7. Frankenstein by Mary Shelley
Written in 1818, this Gothic classic from Mary Shelley tells the tale of Victor Frankenstein and the monster he creates. The themes of creation and responsibility have deep resonance today, as technology and science yield more possibilities and power than ever before. When you’re done, follow it up with more scariest books of all time—then sleep with the lights on.
8. Go Tell It on the Mountain by James Baldwin
James Baldwin’s coming-of-age tale about a queer 14-year-old and his religious family in Harlem deftly intertwines tales of race, sex, identity, and spirituality in prose that is riveting and unforgettable. Written in 1953, it was a controversial book at the time. But it’s an LGBTQ story worth reading again and again.
9. The House of the Spirits by Isabel Allende
The 1982 novel from famed Chilean author Isabel Allende—the best-selling Spanish-language novelist of all time—revolves around the Trueba clan and three generations of women, including an enchanting matriarch, Clara, who communes with spirits. Themes of ancestors, feminism, and class struggle are pervasive, as is magic; no surprise since this work of magical realism was influenced by Gabriel García Márquez’s One Hundred Years of Solitude.
10. 1984 by George Orwell
One of the most influential books of the past 100 years, George Orwell’s dystopian novel about the dangers of authoritarianism has held up decade after decade. Introducing phrases like “thought police” and “Big Brother,” the 1949 novel was eerily prescient. Indeed, it reads more like a work of modern fiction. Glimpse more of the future with these standout sci-fi books.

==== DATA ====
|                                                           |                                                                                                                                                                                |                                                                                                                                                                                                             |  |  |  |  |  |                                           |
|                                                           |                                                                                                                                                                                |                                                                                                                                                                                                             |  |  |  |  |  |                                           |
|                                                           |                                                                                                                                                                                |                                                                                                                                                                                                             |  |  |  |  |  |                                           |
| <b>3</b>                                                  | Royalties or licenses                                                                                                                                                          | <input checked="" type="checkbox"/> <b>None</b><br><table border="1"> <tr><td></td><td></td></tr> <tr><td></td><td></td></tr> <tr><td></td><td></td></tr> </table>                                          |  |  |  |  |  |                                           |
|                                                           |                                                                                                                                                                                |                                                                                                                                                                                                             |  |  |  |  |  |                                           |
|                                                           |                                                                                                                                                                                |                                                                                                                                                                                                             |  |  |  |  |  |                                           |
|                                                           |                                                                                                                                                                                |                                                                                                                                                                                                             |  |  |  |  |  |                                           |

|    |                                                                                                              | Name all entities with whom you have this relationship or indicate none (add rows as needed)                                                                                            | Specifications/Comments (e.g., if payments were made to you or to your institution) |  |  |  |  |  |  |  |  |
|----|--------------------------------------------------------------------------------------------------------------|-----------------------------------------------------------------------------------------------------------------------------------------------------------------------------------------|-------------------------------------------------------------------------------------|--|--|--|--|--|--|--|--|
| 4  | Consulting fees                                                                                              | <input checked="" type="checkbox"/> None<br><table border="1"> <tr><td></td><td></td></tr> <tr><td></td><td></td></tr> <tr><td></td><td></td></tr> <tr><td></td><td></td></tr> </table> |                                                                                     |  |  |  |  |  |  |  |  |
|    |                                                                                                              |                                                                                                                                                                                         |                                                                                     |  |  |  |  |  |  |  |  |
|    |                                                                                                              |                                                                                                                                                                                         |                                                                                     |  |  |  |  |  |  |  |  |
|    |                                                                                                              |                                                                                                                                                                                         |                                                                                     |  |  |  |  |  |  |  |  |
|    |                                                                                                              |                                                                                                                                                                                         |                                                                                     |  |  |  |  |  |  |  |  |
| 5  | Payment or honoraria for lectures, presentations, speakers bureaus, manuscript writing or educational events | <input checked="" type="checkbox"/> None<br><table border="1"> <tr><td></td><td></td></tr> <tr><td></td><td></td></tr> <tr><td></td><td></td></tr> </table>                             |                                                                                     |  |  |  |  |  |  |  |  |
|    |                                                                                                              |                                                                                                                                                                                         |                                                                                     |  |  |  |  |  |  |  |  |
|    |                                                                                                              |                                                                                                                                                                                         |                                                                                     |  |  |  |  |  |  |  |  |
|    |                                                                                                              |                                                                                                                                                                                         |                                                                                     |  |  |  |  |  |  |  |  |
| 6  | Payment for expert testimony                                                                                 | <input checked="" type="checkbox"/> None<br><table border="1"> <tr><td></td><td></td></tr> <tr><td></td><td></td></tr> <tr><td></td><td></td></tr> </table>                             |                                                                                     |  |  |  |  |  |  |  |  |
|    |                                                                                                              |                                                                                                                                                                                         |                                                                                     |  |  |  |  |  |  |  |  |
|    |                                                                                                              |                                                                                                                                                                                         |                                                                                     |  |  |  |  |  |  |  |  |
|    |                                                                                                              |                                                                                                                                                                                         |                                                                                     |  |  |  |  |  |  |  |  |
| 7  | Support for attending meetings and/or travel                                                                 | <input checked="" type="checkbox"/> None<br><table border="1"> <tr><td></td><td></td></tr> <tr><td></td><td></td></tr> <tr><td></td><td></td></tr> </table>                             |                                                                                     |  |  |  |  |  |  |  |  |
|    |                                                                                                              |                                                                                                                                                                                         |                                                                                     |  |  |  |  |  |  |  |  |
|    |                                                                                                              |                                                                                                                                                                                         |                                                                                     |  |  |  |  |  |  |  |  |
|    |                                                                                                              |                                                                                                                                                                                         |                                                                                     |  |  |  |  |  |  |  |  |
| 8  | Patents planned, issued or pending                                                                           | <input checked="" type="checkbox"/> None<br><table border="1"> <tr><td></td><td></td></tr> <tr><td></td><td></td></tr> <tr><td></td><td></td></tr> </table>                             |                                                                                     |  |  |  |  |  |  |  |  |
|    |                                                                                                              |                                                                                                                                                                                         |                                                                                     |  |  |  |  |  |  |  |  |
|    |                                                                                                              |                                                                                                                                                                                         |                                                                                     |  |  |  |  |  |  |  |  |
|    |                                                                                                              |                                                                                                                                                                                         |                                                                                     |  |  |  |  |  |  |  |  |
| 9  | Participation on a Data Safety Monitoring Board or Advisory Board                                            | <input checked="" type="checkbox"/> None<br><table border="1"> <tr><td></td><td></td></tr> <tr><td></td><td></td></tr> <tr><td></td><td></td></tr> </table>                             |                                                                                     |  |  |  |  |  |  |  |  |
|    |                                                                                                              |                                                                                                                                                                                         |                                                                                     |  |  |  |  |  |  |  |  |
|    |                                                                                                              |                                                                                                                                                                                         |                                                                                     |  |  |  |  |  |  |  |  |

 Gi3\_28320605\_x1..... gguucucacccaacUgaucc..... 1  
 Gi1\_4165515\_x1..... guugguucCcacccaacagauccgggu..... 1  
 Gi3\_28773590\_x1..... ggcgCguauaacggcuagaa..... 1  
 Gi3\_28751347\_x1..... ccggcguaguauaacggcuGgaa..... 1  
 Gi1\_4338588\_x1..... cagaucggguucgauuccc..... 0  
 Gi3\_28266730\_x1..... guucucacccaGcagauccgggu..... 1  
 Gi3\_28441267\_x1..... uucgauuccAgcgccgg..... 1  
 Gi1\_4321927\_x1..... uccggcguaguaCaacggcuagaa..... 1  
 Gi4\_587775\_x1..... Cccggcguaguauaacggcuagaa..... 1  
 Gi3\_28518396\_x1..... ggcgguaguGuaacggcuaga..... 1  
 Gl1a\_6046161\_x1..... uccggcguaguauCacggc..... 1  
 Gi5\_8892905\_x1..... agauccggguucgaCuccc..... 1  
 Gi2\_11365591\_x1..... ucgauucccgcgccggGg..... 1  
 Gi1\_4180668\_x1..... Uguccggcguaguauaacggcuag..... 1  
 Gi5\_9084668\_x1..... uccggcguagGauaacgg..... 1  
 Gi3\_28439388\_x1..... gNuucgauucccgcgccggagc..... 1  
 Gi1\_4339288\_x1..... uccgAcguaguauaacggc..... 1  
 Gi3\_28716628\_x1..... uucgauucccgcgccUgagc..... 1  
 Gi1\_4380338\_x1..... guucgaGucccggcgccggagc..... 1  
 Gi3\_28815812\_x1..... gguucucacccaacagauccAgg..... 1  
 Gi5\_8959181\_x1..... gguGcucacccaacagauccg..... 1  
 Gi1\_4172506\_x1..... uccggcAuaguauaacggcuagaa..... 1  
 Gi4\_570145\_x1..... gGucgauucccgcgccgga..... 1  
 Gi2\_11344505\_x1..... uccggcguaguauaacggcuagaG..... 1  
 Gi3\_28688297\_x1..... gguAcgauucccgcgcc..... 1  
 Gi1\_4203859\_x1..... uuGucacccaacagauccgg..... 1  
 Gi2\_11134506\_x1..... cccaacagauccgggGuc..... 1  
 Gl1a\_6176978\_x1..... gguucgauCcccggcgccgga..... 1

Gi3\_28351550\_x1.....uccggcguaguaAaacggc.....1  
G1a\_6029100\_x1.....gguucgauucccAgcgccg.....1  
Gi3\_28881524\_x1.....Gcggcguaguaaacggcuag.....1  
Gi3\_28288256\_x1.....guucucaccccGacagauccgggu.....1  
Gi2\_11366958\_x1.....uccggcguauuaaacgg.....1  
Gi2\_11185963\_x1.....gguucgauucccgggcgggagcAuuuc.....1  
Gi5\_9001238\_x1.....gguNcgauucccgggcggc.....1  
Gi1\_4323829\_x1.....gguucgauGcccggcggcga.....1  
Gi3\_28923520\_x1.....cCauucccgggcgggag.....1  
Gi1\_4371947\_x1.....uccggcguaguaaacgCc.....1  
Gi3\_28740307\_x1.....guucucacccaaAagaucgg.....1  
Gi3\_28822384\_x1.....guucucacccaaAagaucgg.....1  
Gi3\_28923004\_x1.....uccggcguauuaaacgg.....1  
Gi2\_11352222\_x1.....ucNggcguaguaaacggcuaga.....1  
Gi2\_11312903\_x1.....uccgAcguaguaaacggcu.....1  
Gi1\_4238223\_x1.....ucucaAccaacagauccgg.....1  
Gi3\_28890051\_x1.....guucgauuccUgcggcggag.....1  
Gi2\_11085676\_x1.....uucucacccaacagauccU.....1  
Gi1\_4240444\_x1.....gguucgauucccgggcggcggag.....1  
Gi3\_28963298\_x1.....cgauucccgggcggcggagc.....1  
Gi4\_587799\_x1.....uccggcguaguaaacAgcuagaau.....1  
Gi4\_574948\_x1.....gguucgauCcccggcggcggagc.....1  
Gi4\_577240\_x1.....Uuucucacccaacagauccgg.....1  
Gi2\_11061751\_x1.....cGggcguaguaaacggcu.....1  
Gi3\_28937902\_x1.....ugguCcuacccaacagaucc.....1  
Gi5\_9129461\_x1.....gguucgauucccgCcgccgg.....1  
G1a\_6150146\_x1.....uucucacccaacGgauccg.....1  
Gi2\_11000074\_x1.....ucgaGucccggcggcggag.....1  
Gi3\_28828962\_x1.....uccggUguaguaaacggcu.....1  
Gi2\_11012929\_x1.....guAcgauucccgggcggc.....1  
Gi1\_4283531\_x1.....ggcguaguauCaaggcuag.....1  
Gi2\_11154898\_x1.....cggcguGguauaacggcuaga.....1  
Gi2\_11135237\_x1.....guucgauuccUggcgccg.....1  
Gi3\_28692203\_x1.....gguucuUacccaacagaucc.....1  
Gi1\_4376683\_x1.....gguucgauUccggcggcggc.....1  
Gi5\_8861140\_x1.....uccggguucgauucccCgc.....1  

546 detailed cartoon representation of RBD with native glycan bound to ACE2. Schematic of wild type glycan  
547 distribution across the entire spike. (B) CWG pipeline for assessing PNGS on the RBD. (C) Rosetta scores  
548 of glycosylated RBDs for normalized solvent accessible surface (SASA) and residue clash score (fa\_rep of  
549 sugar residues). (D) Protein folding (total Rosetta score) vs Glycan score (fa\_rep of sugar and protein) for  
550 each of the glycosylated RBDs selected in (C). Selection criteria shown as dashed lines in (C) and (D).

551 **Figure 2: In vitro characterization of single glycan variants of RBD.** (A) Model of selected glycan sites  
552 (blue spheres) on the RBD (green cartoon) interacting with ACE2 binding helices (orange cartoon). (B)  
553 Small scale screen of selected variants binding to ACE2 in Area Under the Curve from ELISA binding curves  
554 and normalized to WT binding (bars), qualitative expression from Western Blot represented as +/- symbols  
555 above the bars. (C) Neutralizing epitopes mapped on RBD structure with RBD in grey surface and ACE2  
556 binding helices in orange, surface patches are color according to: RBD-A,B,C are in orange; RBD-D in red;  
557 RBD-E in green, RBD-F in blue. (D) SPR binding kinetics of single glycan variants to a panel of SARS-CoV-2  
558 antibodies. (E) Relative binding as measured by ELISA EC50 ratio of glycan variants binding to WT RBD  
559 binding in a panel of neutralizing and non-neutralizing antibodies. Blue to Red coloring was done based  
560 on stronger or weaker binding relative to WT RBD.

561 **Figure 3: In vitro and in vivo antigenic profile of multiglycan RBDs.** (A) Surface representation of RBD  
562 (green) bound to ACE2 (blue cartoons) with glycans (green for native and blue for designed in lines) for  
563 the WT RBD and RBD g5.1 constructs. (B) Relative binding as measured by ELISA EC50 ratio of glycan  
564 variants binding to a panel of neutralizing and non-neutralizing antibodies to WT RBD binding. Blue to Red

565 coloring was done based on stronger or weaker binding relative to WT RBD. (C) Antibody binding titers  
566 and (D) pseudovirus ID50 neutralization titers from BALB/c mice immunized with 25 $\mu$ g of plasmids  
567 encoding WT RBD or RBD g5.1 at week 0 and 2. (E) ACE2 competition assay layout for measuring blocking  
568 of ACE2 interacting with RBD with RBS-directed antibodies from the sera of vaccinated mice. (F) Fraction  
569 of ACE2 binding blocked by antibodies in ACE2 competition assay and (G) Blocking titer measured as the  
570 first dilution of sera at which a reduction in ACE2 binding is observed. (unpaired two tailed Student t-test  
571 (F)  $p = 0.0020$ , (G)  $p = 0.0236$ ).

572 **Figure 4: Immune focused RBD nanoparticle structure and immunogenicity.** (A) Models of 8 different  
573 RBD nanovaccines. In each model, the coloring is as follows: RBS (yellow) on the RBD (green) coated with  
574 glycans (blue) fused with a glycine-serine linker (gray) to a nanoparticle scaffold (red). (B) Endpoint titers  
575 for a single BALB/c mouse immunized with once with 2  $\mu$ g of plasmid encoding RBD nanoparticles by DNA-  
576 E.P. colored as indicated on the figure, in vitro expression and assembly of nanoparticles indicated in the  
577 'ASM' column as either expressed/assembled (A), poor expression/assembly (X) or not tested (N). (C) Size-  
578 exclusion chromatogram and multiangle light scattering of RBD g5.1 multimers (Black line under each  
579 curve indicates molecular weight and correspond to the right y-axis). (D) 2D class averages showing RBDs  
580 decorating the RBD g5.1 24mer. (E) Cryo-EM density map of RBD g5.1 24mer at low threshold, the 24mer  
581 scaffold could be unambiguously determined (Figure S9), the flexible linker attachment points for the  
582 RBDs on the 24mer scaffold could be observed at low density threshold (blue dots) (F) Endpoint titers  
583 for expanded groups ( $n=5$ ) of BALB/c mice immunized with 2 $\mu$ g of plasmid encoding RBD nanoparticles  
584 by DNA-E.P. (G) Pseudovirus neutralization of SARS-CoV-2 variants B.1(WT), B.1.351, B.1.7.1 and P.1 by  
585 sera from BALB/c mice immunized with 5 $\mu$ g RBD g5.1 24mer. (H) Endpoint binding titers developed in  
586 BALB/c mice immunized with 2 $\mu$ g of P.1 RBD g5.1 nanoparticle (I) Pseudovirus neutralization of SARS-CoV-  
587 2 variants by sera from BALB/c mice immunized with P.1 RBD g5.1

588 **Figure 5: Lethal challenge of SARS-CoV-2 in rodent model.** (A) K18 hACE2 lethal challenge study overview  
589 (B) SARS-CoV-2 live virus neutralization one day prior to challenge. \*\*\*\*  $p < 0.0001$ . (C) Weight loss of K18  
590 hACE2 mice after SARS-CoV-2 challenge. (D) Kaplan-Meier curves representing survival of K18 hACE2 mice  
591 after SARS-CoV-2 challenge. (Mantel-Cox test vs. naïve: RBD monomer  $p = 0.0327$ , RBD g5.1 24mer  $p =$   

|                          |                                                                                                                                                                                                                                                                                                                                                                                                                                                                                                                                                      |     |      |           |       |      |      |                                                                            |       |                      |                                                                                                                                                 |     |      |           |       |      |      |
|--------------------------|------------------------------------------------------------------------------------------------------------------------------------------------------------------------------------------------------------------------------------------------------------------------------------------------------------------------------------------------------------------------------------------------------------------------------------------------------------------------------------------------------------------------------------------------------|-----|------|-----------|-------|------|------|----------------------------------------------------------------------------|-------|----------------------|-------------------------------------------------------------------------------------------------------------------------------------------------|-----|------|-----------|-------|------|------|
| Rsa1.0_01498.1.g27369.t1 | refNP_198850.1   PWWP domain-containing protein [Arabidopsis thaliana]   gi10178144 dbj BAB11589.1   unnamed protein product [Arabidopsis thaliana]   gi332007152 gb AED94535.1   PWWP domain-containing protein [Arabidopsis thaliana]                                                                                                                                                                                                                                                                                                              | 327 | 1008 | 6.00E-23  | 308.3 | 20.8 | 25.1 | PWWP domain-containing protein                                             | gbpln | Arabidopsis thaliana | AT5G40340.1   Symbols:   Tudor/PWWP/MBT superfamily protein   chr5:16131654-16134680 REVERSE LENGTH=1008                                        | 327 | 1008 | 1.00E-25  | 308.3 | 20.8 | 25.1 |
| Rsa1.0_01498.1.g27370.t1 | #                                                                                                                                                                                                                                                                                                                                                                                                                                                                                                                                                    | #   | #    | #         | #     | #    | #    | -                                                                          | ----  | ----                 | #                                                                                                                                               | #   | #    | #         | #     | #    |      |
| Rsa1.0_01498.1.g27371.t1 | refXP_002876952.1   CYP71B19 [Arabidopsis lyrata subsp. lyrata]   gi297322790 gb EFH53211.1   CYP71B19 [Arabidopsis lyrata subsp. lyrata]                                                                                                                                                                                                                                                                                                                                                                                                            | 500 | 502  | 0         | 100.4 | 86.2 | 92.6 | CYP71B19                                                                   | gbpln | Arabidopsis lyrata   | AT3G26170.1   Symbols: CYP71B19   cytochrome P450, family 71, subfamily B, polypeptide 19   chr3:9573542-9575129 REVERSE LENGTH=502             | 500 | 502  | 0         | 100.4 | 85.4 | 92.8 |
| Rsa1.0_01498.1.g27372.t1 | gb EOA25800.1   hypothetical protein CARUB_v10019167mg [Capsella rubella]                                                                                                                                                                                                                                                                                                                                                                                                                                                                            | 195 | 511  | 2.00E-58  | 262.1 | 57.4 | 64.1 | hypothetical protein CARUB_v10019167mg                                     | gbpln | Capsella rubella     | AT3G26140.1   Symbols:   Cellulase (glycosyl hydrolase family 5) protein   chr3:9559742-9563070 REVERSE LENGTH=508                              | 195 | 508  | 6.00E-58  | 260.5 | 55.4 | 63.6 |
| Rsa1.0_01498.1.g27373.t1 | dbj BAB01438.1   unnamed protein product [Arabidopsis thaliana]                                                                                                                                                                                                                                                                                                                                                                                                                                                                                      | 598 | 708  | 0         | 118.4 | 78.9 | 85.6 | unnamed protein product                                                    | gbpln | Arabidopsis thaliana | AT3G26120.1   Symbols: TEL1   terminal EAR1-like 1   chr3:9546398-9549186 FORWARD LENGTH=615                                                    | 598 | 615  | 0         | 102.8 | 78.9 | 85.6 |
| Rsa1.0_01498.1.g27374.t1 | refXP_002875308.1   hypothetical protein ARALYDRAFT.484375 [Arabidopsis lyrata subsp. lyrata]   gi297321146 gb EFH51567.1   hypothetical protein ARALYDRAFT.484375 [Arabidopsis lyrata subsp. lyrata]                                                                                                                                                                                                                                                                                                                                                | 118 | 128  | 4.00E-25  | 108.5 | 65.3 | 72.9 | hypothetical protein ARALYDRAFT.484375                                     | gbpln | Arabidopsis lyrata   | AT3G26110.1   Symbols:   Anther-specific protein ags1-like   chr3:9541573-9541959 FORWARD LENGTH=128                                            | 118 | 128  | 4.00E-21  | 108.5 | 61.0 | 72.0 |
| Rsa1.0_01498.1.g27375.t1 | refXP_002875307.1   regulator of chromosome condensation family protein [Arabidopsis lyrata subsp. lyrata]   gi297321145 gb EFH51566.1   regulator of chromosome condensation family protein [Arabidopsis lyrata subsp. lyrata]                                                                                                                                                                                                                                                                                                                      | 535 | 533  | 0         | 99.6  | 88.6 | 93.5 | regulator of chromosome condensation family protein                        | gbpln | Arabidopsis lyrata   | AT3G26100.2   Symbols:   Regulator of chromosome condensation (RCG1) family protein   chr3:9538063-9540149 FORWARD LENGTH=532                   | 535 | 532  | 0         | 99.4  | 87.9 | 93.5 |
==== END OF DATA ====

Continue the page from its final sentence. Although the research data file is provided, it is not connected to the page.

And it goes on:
11. Beloved by Toni Morrison
The most popular of Toni Morrison’s works, Beloved is an anguishing novel about a slave named Sethe, haunted by the death of her infant daughter, whose grave is marked with the word “Beloved.” Morrison won the Pulitzer Prize for this 1987 novel, which was made into a film starring Oprah Winfrey in 1998, and quickly joined the ranks of other must-read classic books of the 20th century.
12. The Diary of a Young Girl by Anne Frank
Young Anne Frank’s diary, one of the most hopeful and heartrending Holocaust books, was discovered by her father, Otto, after her death in a concentration camp. The only surviving member of the Frank family, he published her writing as a powerful reminder of the horrors of the Holocaust. The book recounts the two years the Franks hid in an attic in Amsterdam during World War II. In the moving account, the teenage Frank writes about her hopes of becoming a writer; sadly, the family was captured three days after her very last entry.